At school, kids complaining of pain may be given a “non-steroidal anti-inflammatory drug” (NSAID); so may some working on the job, a patient at the doctor’s office or in the dentist’s chair; as well as anyone here in Indiana or Illinois that watches TV or listens to their car radio. The advertisements for Motrin, Aleve, Advil, and all those other popular pain medications seem to be airing all the time.
However, the risk of being hurt from taking one of these pain medications, or exacerbating an existing injury or medical condition resulting from an accident, by taking one of these drugs, is serious. And, according to the Food and Drug Administration, it’s even more dangerous than many people realized.
New FDA Warning for Pain Medication NSAIDs
So much so, that the FDA is making the drug companies put new warnings on the product labels for all these NSAIDs. The new drug labels must explain that taking one of these very, very popular pain pills can increase the risk of a life-threatening heart attack or stroke.
Which means if you are recovering from a car crash or slip and fall accident at work, taking that over the counter pain pill may not help you — instead it may increase your chances of dying of cardiac arrest or a serious stroke. Accident victims need to be aware of these risks even more than the general public since they’re much more likely to reach for a Motrin or Advil or Aleve or Tylenol, often with their doctor’s okay. “If you get to feeling pain in your neck [or leg or jaw or hand, etc.] then just take a couple of Aleve and rest for awhile.”
FDA Safety Announcement: Dangers of Popular Pain Pills Like Ibuprofin and Naproxen
The FDA official safety announcement gives details over the increased danger of death from taking these popular pain pills. From their notice, the new NSAID labels will be revised to reflect the following information:
- The risk of heart attack or stroke can occur as early as the first weeks of using an NSAID. The risk may increase with longer use of the NSAID.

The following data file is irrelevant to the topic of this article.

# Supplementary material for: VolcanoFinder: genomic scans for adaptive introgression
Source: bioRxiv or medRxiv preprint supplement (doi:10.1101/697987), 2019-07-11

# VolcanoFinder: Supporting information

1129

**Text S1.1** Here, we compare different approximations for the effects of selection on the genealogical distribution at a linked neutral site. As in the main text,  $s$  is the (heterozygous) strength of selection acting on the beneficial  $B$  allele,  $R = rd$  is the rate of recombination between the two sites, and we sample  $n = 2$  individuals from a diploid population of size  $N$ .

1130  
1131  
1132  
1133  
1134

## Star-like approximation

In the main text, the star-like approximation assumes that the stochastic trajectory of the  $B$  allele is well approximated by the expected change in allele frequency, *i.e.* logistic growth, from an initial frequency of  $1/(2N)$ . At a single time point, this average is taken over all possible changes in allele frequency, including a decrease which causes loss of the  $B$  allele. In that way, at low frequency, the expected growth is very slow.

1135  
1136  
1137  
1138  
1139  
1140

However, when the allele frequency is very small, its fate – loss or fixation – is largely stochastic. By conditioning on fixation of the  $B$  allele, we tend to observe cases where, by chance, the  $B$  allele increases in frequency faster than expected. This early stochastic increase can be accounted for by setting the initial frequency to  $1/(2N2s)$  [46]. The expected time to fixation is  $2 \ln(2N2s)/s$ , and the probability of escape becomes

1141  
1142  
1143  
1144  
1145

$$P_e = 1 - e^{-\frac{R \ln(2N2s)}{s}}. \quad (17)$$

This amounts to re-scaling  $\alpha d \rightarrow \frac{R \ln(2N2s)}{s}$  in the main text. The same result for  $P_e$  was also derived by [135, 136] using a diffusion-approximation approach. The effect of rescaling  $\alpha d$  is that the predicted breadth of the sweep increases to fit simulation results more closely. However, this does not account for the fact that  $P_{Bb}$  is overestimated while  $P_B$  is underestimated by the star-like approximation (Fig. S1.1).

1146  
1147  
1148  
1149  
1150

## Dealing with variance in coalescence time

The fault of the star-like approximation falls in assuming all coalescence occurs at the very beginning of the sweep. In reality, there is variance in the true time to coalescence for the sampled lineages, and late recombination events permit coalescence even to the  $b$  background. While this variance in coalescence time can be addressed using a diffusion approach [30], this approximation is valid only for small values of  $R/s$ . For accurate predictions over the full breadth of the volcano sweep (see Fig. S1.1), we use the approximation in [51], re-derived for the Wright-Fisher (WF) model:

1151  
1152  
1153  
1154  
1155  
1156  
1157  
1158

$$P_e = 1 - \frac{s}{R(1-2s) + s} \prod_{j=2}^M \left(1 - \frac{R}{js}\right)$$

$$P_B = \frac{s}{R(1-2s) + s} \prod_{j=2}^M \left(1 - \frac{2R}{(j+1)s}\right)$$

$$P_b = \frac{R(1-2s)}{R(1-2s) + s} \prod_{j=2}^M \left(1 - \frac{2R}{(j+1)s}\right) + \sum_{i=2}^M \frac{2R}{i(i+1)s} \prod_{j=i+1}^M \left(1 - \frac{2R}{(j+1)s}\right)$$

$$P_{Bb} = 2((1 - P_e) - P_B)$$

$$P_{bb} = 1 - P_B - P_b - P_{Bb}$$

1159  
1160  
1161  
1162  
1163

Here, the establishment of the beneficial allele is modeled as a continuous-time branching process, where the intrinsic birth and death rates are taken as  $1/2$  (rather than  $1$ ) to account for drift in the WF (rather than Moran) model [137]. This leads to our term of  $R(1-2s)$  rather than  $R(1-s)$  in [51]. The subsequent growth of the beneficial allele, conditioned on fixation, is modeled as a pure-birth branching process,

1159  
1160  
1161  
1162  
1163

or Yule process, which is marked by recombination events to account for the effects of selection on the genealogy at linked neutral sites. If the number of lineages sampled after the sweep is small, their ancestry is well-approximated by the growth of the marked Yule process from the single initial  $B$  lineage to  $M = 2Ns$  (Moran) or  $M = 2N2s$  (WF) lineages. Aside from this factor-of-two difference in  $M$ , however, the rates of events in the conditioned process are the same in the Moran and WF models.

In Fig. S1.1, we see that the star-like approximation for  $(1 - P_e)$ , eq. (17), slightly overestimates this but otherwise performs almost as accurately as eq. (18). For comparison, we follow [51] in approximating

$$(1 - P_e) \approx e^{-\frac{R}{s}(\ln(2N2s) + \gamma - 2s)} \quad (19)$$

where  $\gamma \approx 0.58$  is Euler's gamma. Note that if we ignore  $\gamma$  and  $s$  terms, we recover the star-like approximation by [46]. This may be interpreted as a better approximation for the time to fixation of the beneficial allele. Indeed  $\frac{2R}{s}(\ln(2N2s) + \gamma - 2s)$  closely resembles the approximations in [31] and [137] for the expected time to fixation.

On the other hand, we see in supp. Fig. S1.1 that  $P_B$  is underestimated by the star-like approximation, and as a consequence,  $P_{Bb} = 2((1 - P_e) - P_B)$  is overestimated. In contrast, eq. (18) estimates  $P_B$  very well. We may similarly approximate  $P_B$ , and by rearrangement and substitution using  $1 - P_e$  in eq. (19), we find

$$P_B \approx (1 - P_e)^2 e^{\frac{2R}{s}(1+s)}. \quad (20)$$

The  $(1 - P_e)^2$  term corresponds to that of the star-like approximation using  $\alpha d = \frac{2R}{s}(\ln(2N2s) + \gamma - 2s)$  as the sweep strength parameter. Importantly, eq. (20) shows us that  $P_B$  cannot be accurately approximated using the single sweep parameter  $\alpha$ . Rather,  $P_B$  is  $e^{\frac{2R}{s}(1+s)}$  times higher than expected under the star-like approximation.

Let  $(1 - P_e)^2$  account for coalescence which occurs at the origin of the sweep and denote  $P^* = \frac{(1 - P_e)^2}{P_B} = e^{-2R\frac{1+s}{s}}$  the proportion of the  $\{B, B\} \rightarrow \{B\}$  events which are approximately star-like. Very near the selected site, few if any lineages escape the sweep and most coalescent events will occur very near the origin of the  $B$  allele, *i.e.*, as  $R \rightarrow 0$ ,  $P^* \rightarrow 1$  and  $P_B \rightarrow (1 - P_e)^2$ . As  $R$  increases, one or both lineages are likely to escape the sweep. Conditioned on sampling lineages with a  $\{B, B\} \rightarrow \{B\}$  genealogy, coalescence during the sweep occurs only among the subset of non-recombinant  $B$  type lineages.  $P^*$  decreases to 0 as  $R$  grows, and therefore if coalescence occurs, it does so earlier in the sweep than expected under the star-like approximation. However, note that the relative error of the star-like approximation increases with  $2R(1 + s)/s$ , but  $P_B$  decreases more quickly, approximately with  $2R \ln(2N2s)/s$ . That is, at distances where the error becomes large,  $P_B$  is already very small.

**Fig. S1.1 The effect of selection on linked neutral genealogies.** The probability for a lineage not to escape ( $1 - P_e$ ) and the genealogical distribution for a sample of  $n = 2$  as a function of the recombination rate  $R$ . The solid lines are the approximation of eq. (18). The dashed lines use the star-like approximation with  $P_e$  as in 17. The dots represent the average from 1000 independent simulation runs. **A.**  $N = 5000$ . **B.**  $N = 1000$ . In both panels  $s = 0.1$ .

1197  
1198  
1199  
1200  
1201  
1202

- The risk appears greater at higher doses.
- It was previously thought that all NSAIDs may have a similar risk. Newer information makes it less clear that the risk for heart attack or stroke is similar for all NSAIDs; however, this newer information is not sufficient for us to determine that the risk of any particular NSAID is definitely higher or lower than that of any other particular NSAID.
- NSAIDs can increase the risk of heart attack or stroke in patients with or without heart disease or risk factors for heart disease. A large number of studies support this finding, with varying estimates of how much the risk is increased, depending on the drugs and the doses studied.
- In general, patients with heart disease or risk factors for it have a greater likelihood of heart attack or stroke following NSAID use than patients without these risk factors because they have a higher risk at baseline.
- Patients treated with NSAIDs following a first heart attack were more likely to die in the first year after the heart attack compared to patients who were not treated with NSAIDs after their first heart attack.
- There is an increased risk of heart failure with NSAID use.
“As always, consumers must carefully read the Drug Facts label for all nonprescription drugs. Consumers should carefully consider whether the drug is right for them, and use the medicine only as directed. Take the lowest effective dose for the shortest amount of time possible,” says Karen M. Mahoney, M.D., deputy director of FDA’s Division of Nonprescription Drug Products.
Seek medical help if you experience symptoms that might signal heart problems or stroke, such as chest pain, trouble breathing, sudden weakness in one part or side of the body, or sudden slurred speech.